We will write a custom Research Paper on Love and Relationships specifically for you
301 certified writers online
Try to immerse yourself into the following scenario: you are a boy and you have been friends with a girl for the past 5 years. You know almost everything about her and she knows almost everything about you. Not a single day passes without the two of you talking and you start to believe that what you feel is love.
One day you go up to her and confess your feelings thinking that she must feel the same way about you since you have both been so close over the past 5 years. She accepts and the both of you start dating, however, she refuses any and all sexual advances and says that she wants to wait for marriage before having sex.
She says she loves you and you know you love her as well so you wait and wait even more till the point that she breaks up with you and a few months later you find that she had sex within the first month of being with her new boyfriend. Does this sound familiar to anything you have experienced so far within your life? The answer to that is most likely “yes” since many of us out there have mistaken feelings of love for friendship and have even thought that what we feel is reciprocal when in fact it was not.
The end result has always been a depressed state of affairs where one has not only lost the person that they have loved but the friend that they have cherished for so long. Many out there would state that what occurred between the two of them was a normal and healthy relationship, that a woman’s decision to wait is her right and should be respected by the man in the relationship if he respects her.
While this paper agrees with the notion that a man should respect the desire of a woman to wait, he should not automatically think that they are in a healthy relationship or that love truly exists between the two of them. It is based on this that this paper presents the assumption that a relationship without sex is one where true love does not exist.
Researchers such as Bauermeister et al. (2011) explain that love is not unilateral (meaning that it is observed and acted upon by one individual) rather love is something that is bi-lateral (i.e. given and espoused between two people) or multi-lateral (between family members) (Bauermeister et al., 102).
Bauermeister et al. (2011) goes on to explain that love requires reciprocity, that it should be reflected and given back at you by the person that you love. However, what most people fail to realize is that love encompasses not only intimacy in the form of liking a person and having feelings for them but encompasses aspects related to passion and commitment as well.
If such conditions are not in place then what a person has is merely affection or at the worst of times obsession, however, it is not love. I believe the poet T.S. Eliot said it best when he stated in the poem The Love Song “Arms that lie along a table, or wrap about a shawl. And should I then presume? And how should I begin?” The poem in its essence is about a man, J. Alfred Prufrock that has spent his entire life hesitating to confess till the point that he actually never winds up doing so and dies.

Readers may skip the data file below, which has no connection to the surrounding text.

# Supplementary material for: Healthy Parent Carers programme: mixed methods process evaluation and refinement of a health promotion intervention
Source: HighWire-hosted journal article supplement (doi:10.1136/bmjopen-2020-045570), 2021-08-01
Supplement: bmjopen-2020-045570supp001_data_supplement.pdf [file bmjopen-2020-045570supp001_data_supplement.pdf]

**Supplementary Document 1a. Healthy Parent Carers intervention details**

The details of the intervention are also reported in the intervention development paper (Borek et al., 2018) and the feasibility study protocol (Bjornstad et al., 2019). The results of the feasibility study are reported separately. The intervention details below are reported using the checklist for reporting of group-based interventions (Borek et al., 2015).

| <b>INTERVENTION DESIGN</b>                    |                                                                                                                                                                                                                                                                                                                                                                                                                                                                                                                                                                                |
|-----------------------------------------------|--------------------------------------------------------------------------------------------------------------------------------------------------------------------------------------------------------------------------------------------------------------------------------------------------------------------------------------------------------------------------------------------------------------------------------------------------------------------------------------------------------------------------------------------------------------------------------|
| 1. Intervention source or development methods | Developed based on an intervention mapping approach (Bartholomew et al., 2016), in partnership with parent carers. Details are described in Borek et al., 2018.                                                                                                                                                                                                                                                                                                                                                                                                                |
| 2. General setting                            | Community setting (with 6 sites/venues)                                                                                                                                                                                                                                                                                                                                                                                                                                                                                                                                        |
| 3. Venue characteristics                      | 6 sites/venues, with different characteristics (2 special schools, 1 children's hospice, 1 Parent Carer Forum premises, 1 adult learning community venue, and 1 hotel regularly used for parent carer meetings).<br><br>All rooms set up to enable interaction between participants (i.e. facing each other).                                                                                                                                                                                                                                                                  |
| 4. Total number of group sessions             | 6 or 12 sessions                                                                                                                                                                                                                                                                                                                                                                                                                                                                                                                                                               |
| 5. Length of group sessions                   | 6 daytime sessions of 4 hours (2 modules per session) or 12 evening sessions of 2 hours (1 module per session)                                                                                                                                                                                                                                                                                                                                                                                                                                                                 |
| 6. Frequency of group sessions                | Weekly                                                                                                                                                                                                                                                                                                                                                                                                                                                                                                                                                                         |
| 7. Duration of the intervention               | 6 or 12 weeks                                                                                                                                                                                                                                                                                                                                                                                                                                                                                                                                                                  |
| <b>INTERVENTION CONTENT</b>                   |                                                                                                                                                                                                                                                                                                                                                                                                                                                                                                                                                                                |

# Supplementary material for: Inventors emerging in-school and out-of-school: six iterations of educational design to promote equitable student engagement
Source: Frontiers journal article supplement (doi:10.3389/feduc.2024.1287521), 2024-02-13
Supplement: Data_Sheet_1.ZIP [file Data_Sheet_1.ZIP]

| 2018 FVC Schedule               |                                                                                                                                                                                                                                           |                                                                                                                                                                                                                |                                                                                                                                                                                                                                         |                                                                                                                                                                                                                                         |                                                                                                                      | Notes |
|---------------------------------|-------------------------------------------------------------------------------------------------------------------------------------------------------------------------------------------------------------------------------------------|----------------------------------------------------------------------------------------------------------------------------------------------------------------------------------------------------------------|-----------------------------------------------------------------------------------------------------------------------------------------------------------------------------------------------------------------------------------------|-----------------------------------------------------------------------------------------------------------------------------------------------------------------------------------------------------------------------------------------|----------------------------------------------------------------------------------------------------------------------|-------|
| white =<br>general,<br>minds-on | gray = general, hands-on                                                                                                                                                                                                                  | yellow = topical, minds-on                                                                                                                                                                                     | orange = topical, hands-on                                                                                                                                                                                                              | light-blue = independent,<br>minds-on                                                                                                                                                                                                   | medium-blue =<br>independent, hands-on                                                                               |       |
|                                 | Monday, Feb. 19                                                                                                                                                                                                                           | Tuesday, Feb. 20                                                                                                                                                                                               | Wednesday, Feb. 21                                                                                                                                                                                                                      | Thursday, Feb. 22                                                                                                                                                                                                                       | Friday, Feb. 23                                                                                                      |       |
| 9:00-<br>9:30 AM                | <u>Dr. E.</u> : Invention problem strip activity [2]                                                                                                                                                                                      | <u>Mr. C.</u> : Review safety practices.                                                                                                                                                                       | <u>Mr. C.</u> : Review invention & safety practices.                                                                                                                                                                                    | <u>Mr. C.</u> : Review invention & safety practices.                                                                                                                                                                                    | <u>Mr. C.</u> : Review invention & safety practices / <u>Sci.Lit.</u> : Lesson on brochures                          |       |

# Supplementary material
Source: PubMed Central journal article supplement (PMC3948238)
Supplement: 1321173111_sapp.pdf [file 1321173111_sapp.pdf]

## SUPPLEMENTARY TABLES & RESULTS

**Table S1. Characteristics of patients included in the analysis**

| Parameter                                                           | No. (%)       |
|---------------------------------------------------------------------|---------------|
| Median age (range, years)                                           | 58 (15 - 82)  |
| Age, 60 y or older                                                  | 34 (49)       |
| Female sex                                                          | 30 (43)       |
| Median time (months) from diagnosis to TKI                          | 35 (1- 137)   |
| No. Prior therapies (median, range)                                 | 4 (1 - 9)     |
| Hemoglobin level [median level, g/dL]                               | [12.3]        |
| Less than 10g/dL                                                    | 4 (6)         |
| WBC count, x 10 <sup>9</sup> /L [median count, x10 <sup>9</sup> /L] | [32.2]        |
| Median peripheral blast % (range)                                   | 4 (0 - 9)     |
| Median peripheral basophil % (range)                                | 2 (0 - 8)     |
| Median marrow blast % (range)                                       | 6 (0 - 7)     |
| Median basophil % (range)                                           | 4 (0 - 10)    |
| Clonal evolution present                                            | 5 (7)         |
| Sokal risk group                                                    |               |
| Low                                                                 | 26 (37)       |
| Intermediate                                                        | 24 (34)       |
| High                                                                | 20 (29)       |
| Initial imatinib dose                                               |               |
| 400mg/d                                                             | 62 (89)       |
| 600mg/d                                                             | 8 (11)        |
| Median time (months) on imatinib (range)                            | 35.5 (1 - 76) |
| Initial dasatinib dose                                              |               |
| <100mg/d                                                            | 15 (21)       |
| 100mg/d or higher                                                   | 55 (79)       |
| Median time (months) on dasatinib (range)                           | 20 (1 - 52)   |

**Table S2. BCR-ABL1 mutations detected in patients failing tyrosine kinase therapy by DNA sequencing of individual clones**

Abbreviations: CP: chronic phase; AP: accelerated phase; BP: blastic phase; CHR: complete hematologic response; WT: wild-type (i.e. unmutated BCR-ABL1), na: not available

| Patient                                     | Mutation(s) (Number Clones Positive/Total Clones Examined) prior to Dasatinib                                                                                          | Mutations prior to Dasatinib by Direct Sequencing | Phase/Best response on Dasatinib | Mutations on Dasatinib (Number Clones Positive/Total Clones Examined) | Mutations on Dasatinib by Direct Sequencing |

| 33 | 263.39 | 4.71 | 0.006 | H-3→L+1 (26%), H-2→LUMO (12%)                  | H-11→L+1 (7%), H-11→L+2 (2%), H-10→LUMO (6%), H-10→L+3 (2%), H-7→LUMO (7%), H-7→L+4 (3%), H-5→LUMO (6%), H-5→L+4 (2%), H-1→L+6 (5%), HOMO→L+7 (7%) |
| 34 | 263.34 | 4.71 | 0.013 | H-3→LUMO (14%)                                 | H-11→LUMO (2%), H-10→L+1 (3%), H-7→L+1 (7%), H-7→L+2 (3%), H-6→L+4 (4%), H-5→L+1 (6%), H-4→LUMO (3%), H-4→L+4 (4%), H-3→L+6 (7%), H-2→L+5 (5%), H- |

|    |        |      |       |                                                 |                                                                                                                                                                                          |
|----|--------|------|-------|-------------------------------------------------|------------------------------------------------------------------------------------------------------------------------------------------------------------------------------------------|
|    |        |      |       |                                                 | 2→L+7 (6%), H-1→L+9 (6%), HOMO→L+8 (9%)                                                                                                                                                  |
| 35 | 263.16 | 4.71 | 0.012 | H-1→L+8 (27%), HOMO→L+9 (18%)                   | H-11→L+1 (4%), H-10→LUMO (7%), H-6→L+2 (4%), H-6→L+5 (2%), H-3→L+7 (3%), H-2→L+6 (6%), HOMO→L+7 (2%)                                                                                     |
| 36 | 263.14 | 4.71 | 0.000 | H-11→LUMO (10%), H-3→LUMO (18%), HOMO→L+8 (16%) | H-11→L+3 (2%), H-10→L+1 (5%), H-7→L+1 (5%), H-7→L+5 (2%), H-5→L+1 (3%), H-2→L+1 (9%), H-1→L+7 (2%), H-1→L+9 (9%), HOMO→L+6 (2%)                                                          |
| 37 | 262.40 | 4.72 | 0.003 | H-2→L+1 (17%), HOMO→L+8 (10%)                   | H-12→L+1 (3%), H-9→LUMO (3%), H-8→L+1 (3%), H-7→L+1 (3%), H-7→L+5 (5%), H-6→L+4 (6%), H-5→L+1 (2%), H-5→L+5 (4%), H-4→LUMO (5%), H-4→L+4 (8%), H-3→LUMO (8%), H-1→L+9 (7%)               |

He focused so much on presumption over the “what ifs” that he failed to notice the “what is”. In the case of relationships where a man says that he is willing to wait till marriage to have sex with a woman he ignores the present “what is” and focuses on the “what will be”. He believes that by respecting her that he is showing his love for her yet he neglects to think on the lack of passion in their relationship which is symbolized by sex.
He does not take into consideration that his own needs are not being met and he focuses on the presumption that things will work out in the end just like Prufrock in the poem. However, just like the man in the poem it does not, such a relationship is filled with frustration, doubt and continues on since what a person thought of as love has regressed into obsession with the future rather than loving someone at the present.
What Constitutes Love?
One of the best ways of understanding love is through the triangular theory of love by Robert Sternberg who states that love is a direct result of three distinct factors: intimacy, passion and commitment. Intimacy is related to the feelings of attachment that one person feels for another, this can encompass feelings which make them feel like they are close, connected and have a distinct bond with one another.
However, as Sternberg explains these feelings should not be mistaken for love since they are normally found in friendships (Shimp and Madden, 163-168). It is the presumption that the affection one feels for a friend is love that causes them to confuse love and friendly relationships. The end result is at times a relationship that does have intimacy but lacks passion and commitment resulting in an eventual breakup since what they have is not love at all.
The second factor in Sternberg’s triangular theory of love is passion. This aspect encompasses aspects related to sexual attraction at which point there is a certain degree of reciprocation resulting in sex (Shimp and Madden, 163-168). It is often times that those with “crushes” feel this particular type of love, however, it should be noted that this is not true love either since it lacks the closeness brought about by the intimacy factor and completely lacks the commitment aspect as well.